Publication details [#12462]

Publication type
Article in Special issue
Publication language


The field of legal interpreting encompasses a wide variety of contexts including police interviews and interrogations, lawyer-client conferences, tribunal and court hearings and trials. Most of the research carried out in the field to date has concentrated on the discourse of the courtroom in Common Law countries. This is partly due to the availability of the data, as most courtrooms are open to the public, but also due to the vast amount of research conducted into the language of the courtroom, which has served as a theoretical basis for the study of court interpreting. These studies draw on discourse analysis, the ethnography of language, pragmatics, experimental psychology and forensic linguistics to inform their methods. Other research into legal interpreting has looked at other, non-linguistic aspects of the practice, such as role perceptions and expectations, using social science methods of surveys, interviews and focus groups. Fewer studies have concentrated on the other aspects of legal interpreting, such as police interpreting and tribunal hearings. With the exception of a limited number of experimental studies most legal interpreting research studies have been descriptive, qualitative and speculative, providing useful information on the current state of affairs but little on the impact such practices have on the legal process. This contribution will concentrate only on court interpreting research. It will review the major research projects to date, highlight their strengths and weaknesses, identify the gaps that exist in our knowledge of the field and propose further research studies to fill such gaps.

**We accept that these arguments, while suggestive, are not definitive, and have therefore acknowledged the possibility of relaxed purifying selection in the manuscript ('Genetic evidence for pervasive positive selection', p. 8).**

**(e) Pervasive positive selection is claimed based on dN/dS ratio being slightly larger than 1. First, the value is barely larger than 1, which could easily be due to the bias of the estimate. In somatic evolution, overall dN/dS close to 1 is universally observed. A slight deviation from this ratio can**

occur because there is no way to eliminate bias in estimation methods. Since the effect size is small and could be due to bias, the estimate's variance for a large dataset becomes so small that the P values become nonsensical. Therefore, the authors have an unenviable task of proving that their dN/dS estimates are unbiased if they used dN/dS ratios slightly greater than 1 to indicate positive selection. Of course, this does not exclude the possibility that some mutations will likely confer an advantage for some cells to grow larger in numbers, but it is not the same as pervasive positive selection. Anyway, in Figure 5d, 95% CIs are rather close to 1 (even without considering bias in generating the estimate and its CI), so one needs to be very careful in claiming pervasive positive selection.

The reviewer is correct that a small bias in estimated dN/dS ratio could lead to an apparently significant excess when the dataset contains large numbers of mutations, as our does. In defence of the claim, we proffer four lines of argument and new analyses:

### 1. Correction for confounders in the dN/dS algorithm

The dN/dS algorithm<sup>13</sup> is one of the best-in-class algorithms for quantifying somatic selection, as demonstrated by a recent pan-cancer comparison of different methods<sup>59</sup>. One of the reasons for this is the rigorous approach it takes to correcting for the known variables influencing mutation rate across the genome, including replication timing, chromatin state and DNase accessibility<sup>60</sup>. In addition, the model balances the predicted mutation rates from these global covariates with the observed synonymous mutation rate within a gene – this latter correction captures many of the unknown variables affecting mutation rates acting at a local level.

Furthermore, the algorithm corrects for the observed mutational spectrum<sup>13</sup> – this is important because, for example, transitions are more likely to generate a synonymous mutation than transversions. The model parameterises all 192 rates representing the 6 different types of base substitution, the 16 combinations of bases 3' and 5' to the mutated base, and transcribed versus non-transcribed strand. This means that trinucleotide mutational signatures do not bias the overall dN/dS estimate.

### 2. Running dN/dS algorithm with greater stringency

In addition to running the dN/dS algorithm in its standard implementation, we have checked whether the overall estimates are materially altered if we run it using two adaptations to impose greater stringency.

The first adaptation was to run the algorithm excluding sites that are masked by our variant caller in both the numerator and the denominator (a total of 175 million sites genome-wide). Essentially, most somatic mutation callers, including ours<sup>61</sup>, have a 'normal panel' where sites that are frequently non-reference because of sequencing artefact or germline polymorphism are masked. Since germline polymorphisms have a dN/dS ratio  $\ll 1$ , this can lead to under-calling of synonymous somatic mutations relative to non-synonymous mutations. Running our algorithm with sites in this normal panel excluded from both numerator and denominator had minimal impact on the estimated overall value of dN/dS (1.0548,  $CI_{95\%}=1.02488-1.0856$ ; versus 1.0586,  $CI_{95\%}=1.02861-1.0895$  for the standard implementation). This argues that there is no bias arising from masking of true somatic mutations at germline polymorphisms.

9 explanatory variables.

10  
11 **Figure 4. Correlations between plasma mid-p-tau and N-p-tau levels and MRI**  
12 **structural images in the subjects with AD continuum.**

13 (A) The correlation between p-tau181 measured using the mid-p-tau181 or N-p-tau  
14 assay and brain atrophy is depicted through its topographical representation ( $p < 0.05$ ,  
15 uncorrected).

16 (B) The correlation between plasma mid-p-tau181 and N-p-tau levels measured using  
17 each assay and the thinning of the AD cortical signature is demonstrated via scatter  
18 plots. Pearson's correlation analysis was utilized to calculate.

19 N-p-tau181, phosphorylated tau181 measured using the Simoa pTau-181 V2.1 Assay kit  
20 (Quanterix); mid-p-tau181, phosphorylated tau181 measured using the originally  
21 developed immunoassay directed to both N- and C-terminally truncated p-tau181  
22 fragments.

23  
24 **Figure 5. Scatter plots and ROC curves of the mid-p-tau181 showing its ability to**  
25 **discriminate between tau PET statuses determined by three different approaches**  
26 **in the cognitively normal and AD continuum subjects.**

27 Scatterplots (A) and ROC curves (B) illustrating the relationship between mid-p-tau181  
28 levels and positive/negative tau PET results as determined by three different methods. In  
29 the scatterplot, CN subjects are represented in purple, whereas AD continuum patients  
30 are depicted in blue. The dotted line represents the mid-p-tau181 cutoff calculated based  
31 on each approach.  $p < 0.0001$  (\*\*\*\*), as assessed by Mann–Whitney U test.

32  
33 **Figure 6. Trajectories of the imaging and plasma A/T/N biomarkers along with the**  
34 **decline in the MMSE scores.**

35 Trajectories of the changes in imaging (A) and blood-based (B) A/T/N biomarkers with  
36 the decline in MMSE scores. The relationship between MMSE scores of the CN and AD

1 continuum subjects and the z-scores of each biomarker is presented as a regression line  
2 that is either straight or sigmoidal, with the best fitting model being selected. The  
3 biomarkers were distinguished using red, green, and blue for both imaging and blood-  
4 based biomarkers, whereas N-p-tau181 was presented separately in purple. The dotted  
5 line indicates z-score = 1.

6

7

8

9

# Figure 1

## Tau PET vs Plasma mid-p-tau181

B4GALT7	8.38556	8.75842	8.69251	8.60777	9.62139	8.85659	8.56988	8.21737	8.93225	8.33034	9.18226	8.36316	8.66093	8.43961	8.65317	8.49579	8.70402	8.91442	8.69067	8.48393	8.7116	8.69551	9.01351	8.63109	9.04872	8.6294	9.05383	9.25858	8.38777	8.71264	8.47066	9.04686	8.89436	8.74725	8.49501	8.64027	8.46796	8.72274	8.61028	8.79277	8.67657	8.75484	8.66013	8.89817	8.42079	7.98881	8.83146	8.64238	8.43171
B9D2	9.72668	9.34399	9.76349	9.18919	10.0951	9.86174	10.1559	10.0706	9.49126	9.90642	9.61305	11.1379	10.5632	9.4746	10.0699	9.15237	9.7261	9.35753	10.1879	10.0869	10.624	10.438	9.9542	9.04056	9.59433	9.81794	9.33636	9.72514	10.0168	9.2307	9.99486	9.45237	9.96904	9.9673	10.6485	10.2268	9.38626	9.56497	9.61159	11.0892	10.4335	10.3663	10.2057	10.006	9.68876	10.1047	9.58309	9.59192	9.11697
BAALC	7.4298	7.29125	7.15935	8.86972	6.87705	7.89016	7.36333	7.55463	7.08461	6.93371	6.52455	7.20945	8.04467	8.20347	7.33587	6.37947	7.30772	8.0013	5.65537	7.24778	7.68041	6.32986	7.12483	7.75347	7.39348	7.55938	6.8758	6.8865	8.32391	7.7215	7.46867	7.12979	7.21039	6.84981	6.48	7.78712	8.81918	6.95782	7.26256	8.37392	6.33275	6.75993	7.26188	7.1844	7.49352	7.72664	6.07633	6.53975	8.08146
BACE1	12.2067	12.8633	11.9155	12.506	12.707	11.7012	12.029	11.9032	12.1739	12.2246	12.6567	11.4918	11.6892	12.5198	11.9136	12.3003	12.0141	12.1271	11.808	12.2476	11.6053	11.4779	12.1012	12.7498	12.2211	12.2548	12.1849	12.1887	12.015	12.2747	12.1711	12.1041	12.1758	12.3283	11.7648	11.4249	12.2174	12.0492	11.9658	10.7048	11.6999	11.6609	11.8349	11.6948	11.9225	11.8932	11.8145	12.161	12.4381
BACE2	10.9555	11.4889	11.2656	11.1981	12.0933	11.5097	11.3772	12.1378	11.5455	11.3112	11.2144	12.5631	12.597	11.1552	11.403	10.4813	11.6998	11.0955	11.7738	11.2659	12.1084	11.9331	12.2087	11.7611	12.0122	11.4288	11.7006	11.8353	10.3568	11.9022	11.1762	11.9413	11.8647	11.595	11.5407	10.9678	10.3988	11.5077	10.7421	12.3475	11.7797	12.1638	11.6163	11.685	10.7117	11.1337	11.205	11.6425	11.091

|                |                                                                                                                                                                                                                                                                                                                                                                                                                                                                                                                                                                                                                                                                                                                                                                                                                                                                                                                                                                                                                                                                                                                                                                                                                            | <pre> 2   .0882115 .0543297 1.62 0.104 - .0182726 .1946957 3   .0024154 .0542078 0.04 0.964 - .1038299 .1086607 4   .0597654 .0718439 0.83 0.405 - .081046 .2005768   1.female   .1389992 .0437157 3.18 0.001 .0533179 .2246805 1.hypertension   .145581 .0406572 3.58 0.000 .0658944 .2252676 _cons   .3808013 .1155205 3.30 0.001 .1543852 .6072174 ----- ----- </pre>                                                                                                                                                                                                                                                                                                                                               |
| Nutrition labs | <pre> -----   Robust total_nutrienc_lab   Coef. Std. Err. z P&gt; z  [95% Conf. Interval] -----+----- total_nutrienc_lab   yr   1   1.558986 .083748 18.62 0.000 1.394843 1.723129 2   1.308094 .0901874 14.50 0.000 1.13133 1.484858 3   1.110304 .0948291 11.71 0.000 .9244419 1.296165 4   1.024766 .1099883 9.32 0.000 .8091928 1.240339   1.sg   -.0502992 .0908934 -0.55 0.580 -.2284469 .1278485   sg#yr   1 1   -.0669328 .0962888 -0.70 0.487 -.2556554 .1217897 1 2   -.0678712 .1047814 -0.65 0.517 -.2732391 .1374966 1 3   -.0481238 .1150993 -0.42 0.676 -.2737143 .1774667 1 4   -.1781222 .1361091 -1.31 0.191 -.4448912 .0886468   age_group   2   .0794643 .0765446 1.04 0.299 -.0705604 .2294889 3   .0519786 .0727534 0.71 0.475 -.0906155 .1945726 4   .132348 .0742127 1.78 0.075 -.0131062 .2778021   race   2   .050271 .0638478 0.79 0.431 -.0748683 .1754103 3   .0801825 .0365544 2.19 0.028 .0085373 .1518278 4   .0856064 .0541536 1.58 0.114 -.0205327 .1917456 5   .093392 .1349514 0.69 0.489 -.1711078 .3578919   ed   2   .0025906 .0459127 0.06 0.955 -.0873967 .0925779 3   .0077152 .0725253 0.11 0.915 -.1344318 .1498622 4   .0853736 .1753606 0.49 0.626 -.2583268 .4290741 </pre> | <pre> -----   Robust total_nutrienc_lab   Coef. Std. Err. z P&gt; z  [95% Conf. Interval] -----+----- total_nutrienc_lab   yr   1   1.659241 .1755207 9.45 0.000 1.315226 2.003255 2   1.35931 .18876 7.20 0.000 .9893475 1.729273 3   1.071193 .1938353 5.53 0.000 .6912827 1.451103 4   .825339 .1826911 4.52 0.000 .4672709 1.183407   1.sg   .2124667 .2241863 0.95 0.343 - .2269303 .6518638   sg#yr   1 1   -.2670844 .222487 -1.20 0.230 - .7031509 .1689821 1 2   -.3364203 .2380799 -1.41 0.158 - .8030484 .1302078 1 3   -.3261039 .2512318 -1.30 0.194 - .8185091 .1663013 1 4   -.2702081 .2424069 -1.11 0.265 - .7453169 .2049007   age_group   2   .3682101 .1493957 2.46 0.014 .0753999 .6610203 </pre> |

Source : Based on abstract in journal